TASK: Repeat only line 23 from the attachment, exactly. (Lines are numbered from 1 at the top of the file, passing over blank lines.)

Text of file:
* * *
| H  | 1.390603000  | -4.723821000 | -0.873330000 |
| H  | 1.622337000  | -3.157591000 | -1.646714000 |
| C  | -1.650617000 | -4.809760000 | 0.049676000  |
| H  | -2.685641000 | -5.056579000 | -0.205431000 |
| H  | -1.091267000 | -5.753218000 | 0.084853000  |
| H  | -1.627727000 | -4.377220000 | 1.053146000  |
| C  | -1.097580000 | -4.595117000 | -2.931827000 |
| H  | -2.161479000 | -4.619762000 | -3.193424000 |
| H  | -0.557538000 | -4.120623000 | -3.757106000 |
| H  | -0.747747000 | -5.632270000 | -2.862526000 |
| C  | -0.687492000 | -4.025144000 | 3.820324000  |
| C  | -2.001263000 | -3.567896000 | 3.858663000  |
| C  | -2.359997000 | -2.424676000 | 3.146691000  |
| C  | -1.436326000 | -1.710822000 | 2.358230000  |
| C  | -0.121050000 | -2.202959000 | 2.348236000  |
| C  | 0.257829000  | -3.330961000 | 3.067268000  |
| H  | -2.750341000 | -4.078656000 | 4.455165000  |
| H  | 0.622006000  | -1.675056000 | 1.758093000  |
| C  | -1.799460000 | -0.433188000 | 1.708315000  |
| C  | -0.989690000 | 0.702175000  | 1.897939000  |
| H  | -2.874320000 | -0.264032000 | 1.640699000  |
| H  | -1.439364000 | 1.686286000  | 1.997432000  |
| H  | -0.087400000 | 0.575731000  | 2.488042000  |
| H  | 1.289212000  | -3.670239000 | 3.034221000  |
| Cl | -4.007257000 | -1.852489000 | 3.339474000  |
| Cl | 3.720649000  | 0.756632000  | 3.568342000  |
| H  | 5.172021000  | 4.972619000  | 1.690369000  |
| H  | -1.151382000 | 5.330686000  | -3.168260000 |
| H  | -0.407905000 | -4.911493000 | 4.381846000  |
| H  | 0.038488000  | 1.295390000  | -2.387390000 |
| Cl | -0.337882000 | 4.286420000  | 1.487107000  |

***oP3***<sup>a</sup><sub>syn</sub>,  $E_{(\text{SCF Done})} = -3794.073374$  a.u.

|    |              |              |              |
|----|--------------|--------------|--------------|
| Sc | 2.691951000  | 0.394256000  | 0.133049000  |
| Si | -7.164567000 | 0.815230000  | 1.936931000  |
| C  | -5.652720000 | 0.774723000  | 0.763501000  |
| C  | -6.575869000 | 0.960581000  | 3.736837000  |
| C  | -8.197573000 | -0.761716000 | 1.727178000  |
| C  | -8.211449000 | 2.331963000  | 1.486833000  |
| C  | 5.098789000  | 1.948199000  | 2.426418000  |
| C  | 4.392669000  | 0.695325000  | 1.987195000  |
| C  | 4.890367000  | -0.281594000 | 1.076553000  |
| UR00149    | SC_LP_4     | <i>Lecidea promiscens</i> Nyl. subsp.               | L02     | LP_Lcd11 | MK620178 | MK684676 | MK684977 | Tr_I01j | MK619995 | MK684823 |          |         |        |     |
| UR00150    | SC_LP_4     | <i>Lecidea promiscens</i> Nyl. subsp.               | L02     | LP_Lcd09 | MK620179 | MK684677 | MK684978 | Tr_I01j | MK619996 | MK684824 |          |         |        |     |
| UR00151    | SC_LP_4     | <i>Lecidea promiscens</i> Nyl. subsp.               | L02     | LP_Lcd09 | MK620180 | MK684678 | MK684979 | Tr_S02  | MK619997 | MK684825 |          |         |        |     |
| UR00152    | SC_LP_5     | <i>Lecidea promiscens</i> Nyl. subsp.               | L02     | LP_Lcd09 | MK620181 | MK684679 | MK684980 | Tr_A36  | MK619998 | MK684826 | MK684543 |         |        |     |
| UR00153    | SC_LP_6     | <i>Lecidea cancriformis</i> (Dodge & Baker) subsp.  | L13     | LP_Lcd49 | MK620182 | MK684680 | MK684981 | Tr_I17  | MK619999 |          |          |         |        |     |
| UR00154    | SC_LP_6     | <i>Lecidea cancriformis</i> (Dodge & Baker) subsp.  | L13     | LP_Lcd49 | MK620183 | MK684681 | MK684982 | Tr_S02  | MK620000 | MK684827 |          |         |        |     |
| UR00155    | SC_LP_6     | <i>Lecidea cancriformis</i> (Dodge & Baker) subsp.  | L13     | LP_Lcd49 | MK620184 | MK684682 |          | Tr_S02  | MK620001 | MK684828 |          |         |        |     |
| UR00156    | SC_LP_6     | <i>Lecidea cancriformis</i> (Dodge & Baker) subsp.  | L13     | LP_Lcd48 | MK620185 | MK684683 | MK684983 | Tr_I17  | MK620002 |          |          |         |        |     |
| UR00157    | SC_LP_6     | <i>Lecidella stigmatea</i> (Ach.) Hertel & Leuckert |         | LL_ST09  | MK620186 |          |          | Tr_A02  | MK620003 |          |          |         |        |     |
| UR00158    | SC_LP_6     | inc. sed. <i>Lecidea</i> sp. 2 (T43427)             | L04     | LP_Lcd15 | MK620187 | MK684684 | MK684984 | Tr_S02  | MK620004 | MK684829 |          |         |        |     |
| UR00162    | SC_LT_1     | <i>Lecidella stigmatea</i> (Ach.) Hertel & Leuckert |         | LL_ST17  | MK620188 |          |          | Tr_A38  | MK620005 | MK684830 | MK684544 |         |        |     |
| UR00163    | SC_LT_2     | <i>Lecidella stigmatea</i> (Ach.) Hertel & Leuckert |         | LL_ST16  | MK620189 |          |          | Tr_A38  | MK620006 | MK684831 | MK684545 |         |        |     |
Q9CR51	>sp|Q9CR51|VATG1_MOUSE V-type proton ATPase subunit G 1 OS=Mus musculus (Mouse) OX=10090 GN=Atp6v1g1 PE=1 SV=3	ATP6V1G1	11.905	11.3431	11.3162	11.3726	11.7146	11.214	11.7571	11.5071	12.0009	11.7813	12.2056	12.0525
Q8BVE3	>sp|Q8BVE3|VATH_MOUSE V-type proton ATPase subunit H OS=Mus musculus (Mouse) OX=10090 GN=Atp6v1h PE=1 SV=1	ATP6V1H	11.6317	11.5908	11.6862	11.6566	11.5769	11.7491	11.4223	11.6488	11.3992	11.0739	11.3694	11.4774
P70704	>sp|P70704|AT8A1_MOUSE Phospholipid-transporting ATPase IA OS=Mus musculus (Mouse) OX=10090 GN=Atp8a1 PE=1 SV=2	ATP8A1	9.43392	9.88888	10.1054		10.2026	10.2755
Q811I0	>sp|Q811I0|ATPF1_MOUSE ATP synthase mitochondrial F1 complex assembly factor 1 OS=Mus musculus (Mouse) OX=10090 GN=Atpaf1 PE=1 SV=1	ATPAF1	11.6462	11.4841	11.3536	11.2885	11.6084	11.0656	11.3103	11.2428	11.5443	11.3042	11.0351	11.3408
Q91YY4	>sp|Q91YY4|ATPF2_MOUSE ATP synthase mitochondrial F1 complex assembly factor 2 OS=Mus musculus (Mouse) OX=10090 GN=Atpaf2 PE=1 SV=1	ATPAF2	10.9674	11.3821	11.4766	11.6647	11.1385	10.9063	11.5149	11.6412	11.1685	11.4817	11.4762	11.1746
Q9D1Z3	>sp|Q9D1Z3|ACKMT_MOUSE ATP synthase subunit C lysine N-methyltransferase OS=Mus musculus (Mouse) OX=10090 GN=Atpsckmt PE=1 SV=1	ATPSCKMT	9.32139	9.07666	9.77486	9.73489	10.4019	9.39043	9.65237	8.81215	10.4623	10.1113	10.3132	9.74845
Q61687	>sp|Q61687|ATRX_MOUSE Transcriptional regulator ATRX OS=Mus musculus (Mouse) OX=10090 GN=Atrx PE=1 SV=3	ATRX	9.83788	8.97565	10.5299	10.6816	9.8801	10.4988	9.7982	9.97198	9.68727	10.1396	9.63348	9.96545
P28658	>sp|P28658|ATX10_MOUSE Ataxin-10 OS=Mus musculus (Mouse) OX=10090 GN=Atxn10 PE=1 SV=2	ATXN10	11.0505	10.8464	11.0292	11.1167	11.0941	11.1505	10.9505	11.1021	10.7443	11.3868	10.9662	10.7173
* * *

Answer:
| H  | -0.087400000 | 0.575731000  | 2.488042000  |